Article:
On November 2, the House of Representatives released its proposed tax bill – the Tax Cuts and Jobs Act. A few days later, the Senate released its own version. Both were met with significant media scrutiny. Both contain items which are likely to benefit some taxpayers while harming others. And both – at least from the perspective of small distillers – are disappointing. Because neither of them includes the tax relief for the industry that is now supported by a bipartisan majority of both the house and the senate.
As described previously, the Craft Beverage Modernization and Tax Reform Act contains a number of provisions which would be very helpful for this industry. Chief among those would be the reduction in the federal excise tax on distilled spirits down to $2.70 per proof gallon for the first 100,000 proof gallons of distilled spirits removed from bond during any given year. Under current law, the federal excise tax is $13.50 per proof gallon (starting with the very first gallon).
The benefit to the industry which would result from this change could be dramatic. Many smaller distillers – currently operating in the red – would become immediately profitable. This would allow them to expand their production – bringing the potential benefits not only of additional jobs at those distilleries, but also additional support for local farmers growing crops that are ultimately fermented and distilled and incremental benefits throughout the rest of the supply chain. Consumers would ultimately benefit too, as reducing the cost of operating in the market would allow more distilleries to launch, increasing competition and fostering innovation in this space.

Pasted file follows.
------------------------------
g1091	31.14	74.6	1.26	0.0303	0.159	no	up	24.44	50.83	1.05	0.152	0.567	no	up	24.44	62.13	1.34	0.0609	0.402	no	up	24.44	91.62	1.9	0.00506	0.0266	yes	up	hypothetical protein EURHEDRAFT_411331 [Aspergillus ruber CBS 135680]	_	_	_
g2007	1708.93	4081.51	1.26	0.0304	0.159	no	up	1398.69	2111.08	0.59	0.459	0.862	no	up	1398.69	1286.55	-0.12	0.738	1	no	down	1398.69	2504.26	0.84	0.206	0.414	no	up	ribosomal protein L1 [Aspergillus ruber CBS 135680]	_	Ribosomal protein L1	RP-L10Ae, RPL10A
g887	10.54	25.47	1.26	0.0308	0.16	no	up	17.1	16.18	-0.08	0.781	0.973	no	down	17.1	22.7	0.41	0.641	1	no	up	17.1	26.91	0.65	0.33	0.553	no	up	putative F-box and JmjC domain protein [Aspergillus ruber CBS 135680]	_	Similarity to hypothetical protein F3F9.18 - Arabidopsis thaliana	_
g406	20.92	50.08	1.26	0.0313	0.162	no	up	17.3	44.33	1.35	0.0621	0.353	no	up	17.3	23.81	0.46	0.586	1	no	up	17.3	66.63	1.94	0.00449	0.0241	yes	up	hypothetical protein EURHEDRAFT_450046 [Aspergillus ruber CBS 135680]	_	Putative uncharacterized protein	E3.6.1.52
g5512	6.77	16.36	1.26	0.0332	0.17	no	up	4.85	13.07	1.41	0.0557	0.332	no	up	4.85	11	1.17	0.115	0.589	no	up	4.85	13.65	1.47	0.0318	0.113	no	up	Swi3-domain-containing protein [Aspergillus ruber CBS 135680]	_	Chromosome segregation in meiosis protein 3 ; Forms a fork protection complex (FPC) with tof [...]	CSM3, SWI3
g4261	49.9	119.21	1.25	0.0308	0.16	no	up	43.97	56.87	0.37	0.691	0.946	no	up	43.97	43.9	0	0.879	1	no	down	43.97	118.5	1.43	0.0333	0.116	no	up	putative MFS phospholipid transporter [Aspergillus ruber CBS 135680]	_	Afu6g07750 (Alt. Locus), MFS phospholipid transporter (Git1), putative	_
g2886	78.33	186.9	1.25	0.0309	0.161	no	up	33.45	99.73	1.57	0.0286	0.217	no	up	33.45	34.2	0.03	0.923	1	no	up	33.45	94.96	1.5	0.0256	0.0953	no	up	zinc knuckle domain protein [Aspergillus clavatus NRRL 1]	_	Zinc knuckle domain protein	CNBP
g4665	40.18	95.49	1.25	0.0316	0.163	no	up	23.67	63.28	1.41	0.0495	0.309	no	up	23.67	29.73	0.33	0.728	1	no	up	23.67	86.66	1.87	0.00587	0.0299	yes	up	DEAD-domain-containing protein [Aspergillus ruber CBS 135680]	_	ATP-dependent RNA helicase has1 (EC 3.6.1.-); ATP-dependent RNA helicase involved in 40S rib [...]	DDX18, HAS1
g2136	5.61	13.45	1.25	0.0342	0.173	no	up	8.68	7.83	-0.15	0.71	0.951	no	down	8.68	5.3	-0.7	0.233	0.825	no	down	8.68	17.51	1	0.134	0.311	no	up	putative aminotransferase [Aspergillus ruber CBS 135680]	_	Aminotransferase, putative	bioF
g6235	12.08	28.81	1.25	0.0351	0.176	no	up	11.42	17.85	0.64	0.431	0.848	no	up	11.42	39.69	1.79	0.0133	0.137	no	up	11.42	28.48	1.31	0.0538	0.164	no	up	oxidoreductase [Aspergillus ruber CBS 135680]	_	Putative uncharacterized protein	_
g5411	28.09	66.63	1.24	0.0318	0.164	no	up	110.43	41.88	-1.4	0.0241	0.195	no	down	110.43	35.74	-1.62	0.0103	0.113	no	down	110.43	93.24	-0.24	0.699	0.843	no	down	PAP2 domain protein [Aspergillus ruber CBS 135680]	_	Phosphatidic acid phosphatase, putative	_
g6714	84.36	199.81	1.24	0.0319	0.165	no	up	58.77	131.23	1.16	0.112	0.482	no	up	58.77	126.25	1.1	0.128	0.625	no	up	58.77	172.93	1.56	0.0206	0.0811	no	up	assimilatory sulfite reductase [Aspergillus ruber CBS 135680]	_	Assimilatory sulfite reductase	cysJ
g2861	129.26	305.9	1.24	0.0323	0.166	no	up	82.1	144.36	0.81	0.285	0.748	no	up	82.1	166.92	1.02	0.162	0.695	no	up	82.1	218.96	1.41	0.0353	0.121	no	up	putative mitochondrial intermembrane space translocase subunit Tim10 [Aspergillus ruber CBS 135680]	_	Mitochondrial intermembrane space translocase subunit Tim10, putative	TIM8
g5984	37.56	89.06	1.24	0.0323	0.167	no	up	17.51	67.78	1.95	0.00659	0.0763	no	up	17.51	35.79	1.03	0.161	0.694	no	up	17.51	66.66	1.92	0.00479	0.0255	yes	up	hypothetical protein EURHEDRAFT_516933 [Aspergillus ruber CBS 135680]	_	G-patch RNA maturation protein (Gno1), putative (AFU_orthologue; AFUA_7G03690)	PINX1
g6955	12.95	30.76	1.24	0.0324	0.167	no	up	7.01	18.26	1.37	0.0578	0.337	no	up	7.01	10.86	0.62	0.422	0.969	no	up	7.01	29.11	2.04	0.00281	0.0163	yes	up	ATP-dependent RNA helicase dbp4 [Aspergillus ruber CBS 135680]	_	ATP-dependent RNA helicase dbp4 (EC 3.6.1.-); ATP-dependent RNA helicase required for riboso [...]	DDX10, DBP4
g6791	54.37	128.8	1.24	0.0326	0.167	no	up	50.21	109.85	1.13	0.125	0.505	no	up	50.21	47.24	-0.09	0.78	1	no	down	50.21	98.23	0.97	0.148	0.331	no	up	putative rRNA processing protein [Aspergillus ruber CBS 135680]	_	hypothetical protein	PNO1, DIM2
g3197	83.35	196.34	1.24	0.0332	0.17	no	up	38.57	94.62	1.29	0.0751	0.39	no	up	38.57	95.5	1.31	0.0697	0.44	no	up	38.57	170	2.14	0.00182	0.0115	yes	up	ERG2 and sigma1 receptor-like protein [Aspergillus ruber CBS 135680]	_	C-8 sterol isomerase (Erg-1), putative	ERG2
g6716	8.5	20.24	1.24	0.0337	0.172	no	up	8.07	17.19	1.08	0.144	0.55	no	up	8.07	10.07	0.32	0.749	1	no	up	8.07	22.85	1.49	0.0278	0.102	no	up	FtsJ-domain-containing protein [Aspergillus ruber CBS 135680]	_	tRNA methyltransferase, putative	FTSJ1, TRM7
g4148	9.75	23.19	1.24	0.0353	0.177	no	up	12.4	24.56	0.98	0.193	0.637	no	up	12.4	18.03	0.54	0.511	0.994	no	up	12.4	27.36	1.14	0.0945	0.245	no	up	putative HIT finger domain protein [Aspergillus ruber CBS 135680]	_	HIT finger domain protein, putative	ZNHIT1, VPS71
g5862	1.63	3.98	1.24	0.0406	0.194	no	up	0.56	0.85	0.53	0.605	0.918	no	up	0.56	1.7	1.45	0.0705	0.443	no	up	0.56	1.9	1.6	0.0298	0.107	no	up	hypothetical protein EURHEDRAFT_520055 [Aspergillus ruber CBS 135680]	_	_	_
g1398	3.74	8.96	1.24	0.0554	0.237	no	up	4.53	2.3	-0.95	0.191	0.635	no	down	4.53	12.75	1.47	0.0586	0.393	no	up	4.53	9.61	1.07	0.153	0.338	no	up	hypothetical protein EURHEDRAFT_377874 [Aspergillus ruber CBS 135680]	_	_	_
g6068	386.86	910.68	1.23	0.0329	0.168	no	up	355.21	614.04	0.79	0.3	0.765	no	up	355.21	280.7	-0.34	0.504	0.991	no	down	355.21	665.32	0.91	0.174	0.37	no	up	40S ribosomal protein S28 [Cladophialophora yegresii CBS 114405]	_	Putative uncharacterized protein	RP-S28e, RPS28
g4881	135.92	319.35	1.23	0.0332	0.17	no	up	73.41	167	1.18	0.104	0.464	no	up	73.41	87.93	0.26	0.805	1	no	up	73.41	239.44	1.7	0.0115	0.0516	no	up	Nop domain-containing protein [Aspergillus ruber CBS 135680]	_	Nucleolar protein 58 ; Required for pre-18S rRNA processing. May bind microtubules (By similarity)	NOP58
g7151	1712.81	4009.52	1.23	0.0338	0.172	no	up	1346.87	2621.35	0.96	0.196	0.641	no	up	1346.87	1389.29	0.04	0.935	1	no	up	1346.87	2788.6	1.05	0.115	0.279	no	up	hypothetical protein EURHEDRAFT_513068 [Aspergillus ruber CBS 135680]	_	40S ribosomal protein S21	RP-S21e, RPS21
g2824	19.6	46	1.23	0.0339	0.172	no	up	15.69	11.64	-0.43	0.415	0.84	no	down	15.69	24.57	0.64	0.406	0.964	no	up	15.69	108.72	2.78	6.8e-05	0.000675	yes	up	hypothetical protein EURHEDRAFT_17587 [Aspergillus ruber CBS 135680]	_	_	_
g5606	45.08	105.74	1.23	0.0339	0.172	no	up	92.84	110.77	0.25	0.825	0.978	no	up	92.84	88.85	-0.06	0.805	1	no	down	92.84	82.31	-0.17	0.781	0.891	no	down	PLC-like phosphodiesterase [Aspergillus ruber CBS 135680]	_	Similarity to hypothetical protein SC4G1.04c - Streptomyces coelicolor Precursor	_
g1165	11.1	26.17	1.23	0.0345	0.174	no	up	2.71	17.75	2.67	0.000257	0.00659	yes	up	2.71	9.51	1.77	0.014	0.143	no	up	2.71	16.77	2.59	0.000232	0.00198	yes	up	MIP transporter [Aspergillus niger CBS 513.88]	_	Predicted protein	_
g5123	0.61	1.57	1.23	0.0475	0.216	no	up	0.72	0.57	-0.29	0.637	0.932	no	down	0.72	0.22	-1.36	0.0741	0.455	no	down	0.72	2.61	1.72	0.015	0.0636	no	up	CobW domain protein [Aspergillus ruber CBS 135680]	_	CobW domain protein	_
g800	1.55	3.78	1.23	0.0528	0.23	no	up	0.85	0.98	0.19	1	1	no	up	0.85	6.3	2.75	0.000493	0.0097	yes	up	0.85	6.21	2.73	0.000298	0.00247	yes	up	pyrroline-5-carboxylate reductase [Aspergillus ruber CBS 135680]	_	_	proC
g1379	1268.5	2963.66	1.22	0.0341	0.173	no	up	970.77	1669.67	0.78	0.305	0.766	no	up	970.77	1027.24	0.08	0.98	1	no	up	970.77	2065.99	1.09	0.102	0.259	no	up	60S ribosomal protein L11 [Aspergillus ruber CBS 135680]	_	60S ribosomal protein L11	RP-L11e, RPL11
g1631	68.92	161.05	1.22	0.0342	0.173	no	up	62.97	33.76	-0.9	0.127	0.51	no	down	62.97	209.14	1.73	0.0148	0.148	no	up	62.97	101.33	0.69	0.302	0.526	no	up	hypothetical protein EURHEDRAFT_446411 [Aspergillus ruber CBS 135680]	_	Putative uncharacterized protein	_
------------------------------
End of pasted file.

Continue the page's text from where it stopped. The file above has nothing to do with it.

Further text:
So what’s the deal? Why wasn’t the bill included in the tax plan of either the House or the Senate?
Well it isn’t because the idea is unpopular. Regular readers will know here at HoochLaw’s galactic headquarters we’ve been tracking those members of congress that have signed on as co-sponsors of the bill. As of the date of this post, the bill has 295 signatories in the House (almost 68%) and 53 in the Senate (conveniently, 53% exactly). So the bill has strong bipartisan support.
So, again, what’s preventing progress?
In a discussion with DISCUS President Kraig Naasz a few weeks back, I asked him whether he thought there was a chance that the bill could be pushed forward without inclusion in the (then) upcoming Republican tax bill. He thought this was unlikely, if only because the Republicans in Congress were devoting so much attention to the broader topic of tax reform that they would not have any resources left to devote to this bill on a stand-alone basis. At that same time, I expressed my concern to Naasz that if the bill were included in a Republican tax plan it would likely lose the support of those Democrats who had signed on simply because they could not support the passage of the rest of the tax reform proposal.
But now that we’re here – and the bill has not been included as part of the tax reform proposal – it feels like we may need to revisit that issue. If tax reform has any chance of passing (which feels uncertain at best) and the bill can be inserted into that legislation then by all means DISCUS and the ACSA should continue to push for that result. But if the bill isn’t going to make it into the tax plan, then we need to find a way to move it through Congress on a stand-alone basis.